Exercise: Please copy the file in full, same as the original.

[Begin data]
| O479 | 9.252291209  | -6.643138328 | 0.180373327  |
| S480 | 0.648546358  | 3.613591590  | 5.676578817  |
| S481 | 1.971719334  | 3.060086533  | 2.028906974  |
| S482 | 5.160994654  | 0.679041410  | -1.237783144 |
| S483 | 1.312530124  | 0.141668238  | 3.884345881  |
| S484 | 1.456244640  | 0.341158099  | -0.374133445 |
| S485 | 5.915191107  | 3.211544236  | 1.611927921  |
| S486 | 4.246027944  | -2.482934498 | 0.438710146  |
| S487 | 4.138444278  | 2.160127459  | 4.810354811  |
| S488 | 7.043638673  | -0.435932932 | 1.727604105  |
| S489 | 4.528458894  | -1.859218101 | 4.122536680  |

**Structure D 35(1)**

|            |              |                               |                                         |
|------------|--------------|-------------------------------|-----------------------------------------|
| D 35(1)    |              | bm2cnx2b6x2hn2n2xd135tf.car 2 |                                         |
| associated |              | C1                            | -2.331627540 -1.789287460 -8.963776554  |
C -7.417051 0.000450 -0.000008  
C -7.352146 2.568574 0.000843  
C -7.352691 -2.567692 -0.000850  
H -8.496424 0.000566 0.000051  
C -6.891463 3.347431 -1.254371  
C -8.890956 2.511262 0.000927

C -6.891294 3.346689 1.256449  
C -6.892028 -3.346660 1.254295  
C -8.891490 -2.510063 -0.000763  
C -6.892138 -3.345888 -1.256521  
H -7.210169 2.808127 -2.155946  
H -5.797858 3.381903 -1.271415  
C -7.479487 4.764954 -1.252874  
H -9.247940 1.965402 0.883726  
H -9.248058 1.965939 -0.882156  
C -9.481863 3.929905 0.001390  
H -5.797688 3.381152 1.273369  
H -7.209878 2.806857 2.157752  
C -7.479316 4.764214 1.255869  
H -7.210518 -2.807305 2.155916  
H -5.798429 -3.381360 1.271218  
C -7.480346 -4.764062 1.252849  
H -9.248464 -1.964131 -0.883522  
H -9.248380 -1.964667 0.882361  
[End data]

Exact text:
| O479 | 9.252291209  | -6.643138328 | 0.180373327  |
| S480 | 0.648546358  | 3.613591590  | 5.676578817  |
| S481 | 1.971719334  | 3.060086533  | 2.028906974  |
| S482 | 5.160994654  | 0.679041410  | -1.237783144 |
| S483 | 1.312530124  | 0.141668238  | 3.884345881  |
| S484 | 1.456244640  | 0.341158099  | -0.374133445 |
| S485 | 5.915191107  | 3.211544236  | 1.611927921  |
| S486 | 4.246027944  | -2.482934498 | 0.438710146  |
| S487 | 4.138444278  | 2.160127459  | 4.810354811  |
| S488 | 7.043638673  | -0.435932932 | 1.727604105  |
| S489 | 4.528458894  | -1.859218101 | 4.122536680  |

**Structure D 35(1)**

|            |              |                               |                                         |
|------------|--------------|-------------------------------|-----------------------------------------|
| D 35(1)    |              | bm2cnx2b6x2hn2n2xd135tf.car 2 |                                         |
| associated |              | C1                            | -2.331627540 -1.789287460 -8.963776554  |
C -7.417051 0.000450 -0.000008  
C -7.352146 2.568574 0.000843  
C -7.352691 -2.567692 -0.000850  
H -8.496424 0.000566 0.000051  
C -6.891463 3.347431 -1.254371  
C -8.890956 2.511262 0.000927

C -6.891294 3.346689 1.256449  
C -6.892028 -3.346660 1.254295  
C -8.891490 -2.510063 -0.000763  
C -6.892138 -3.345888 -1.256521  
H -7.210169 2.808127 -2.155946  
H -5.797858 3.381903 -1.271415  
C -7.479487 4.764954 -1.252874  
H -9.247940 1.965402 0.883726  
H -9.248058 1.965939 -0.882156  
C -9.481863 3.929905 0.001390  
H -5.797688 3.381152 1.273369  
H -7.209878 2.806857 2.157752  
C -7.479316 4.764214 1.255869  
H -7.210518 -2.807305 2.155916  
H -5.798429 -3.381360 1.271218  
C -7.480346 -4.764062 1.252849  
H -9.248464 -1.964131 -0.883522  
H -9.248380 -1.964667 0.882361  